FAA Repair Station #QYMR098B

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MBT Electronics offers Repair and Overhaul Service for the RT-1115/APN-209 Radar Altimeter System.

MBT Electronics specializes in servicing components of the APN-209 radar altimeter system. This equipment has been installed in Army helicopters since the late 1970s. It is a self contained, panel mounted instrument with the display and receiver-transmitter contained in one unit. There is an optional remote (co-pilots) display which repeats the output of the master unit. Several remote instruments can be installed in a system if necessary.

The APN-209 system is a pulse type radar altimeter utilizing two antennas for the transmit and receive functions. It transmits a short pulse and receives the reflected signal while the tracking system measures the time delay. The aircraft antennas point straight down and the signal bounces off the ground under the aircraft. The time delay is converted to a digital and analog readout in feet. Depending on the height above ground and the received signal level, the tracking circuitry controls the transmit power, pulse width, and receiver sensitivity. It will maintain the correct power and gain for reliable operation over all types of terrain. When the signal is reliable, the off flag pulls out of view and the digital display is enabled.

A problem with all radar altimeters is the tendency to lock-on to stray signals. If a signal is reflected from one antenna directly to the other without bouncing off the ground, the tracking system may be fooled. Usually this results in a constant reading of zero feet. The skids or other items under a helicopter can reflect the signal directly from one antenna to the other. The APN-209 has extensive circuitry to prevent this problem. This equipment was designed for helicopters. Internal adjustments can be customized to compensate for situations such as external (sling) loads or poor installation.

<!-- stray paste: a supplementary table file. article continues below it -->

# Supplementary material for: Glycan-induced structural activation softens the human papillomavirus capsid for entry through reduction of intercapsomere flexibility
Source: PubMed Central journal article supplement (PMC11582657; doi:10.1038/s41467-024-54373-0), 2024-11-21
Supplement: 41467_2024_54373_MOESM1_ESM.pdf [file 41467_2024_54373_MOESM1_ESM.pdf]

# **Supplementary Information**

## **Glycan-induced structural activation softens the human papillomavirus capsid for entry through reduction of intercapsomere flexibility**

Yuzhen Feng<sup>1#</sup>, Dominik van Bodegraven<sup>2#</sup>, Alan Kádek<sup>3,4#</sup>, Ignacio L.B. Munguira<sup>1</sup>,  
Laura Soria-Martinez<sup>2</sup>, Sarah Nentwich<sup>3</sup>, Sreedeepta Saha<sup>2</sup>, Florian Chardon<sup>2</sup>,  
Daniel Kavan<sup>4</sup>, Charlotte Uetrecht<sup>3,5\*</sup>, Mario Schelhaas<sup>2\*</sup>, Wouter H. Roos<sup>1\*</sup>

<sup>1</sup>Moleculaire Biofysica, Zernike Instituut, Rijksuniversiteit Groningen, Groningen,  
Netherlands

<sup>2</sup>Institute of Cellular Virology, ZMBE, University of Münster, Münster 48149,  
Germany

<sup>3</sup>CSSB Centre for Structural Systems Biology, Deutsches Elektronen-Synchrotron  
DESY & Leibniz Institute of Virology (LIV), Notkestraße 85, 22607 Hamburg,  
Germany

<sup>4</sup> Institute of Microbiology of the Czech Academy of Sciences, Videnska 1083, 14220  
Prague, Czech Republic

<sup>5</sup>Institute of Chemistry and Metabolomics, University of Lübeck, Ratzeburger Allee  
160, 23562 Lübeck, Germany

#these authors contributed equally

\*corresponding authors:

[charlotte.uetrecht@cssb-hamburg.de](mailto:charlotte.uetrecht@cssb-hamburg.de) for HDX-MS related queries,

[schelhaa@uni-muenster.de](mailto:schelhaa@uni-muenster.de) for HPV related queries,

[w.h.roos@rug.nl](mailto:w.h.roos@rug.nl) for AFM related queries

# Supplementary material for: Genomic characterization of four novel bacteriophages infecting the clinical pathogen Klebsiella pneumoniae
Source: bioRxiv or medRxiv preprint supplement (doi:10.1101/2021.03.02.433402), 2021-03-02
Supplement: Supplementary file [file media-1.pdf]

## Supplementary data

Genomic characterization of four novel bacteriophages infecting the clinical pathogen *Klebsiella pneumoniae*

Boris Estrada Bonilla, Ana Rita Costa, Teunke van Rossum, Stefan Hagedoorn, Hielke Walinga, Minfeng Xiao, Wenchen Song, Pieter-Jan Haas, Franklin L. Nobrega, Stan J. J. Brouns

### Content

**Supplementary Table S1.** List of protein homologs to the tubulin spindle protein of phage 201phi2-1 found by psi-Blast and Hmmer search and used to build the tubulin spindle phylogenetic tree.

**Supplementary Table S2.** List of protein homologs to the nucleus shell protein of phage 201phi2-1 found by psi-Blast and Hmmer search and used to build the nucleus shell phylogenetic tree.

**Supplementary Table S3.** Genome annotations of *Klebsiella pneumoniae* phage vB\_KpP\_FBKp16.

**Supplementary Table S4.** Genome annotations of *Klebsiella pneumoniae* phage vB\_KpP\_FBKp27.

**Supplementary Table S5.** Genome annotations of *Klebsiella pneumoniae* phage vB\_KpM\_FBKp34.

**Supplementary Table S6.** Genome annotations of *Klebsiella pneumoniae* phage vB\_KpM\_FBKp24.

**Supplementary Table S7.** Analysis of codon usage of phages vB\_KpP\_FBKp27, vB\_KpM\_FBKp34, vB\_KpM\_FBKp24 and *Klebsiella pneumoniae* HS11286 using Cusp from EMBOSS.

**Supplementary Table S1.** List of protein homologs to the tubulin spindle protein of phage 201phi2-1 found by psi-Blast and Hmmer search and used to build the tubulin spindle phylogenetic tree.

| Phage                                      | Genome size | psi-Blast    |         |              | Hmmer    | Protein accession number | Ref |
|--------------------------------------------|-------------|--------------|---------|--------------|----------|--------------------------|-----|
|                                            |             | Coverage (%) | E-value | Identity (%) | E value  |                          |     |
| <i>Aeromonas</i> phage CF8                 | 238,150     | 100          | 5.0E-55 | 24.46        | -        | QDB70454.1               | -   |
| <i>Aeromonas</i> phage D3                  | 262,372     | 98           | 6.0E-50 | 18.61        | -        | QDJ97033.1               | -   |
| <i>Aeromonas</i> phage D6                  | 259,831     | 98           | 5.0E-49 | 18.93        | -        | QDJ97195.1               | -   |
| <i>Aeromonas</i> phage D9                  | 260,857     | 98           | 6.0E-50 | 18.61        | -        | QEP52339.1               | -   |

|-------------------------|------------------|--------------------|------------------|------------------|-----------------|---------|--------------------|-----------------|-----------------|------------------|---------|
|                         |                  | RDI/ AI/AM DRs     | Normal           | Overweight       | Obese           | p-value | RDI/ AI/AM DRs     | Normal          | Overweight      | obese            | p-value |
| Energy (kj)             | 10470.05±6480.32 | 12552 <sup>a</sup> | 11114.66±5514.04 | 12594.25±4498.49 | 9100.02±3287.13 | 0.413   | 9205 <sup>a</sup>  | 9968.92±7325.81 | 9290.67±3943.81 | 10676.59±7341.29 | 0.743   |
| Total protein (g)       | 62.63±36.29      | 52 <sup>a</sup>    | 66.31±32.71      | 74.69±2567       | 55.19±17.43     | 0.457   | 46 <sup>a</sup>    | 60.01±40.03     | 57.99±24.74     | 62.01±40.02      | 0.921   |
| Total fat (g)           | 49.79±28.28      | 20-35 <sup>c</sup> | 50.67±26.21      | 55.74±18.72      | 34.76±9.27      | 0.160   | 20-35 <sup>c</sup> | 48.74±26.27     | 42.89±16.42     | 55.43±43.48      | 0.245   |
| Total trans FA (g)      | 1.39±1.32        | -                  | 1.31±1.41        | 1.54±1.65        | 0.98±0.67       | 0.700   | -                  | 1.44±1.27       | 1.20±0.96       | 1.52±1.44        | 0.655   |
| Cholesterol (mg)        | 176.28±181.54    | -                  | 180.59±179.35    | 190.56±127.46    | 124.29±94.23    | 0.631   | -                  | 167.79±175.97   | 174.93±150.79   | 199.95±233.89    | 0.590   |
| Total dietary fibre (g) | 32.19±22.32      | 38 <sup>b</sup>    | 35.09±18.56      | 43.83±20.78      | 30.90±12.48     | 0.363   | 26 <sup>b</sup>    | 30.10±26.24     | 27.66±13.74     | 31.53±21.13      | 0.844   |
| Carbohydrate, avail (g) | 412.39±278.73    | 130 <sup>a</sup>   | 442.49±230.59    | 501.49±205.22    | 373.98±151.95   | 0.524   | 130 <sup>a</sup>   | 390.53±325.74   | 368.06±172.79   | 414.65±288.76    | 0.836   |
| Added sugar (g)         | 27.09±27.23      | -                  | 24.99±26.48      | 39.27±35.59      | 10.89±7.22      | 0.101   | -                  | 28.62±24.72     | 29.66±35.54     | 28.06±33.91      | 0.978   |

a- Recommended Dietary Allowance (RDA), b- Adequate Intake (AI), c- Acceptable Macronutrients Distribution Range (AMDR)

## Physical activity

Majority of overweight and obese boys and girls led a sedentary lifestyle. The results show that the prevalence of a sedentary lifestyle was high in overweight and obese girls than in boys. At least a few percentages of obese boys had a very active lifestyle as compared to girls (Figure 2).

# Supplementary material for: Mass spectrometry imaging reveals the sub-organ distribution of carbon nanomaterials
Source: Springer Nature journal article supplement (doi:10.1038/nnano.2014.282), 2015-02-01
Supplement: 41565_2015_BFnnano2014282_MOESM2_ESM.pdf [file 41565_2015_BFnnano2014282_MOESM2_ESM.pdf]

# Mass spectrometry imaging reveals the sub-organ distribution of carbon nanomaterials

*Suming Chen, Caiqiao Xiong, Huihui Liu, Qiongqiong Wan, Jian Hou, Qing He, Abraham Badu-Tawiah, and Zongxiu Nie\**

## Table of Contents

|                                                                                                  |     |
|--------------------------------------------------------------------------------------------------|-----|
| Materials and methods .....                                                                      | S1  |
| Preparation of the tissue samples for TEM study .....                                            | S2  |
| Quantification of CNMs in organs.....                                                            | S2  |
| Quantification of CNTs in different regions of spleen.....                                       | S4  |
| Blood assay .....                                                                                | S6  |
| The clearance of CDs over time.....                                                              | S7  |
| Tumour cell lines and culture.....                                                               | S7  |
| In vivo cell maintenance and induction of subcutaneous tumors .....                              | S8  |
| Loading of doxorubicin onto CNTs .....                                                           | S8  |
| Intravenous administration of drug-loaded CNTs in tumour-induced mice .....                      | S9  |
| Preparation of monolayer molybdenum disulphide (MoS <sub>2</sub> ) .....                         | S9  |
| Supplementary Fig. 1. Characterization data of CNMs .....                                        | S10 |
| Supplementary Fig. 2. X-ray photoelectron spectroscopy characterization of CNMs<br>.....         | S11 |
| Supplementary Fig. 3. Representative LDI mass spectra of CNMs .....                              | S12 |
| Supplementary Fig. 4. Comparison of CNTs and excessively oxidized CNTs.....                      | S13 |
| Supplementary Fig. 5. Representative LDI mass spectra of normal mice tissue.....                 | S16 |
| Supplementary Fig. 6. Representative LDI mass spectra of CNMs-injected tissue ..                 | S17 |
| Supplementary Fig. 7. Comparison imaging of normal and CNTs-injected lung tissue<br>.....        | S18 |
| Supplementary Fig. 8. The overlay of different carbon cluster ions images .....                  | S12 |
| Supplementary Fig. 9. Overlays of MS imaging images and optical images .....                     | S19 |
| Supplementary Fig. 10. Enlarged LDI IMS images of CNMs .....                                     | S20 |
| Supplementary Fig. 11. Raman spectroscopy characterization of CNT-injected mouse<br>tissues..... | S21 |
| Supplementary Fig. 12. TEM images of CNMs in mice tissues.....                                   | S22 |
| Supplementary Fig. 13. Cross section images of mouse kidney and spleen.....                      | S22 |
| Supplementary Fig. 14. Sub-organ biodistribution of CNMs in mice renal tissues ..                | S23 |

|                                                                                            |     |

RT-1115C/APN-209 & JG1209AC01

Components on test bench.

These can be repaired.

Fabricated installation wiring. Ready to install.

MBT Electronics Offers the Following Services

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APN-209 Family History

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The following information is not from official sources. It is observations and experience that I have collected while repairing APN-209 units. Many different part numbers have been assigned to these units. It is confusing. I have grouped them according to the RT number suffix which they resemble.

All the APN-209 units are interchangeable in the aircraft and will provide similar performance. The difference is the internal technology which has changed greatly over the 30 year existence of this equipment. The early units contain a vacuum tube and the latest units have micro-processor circuitry.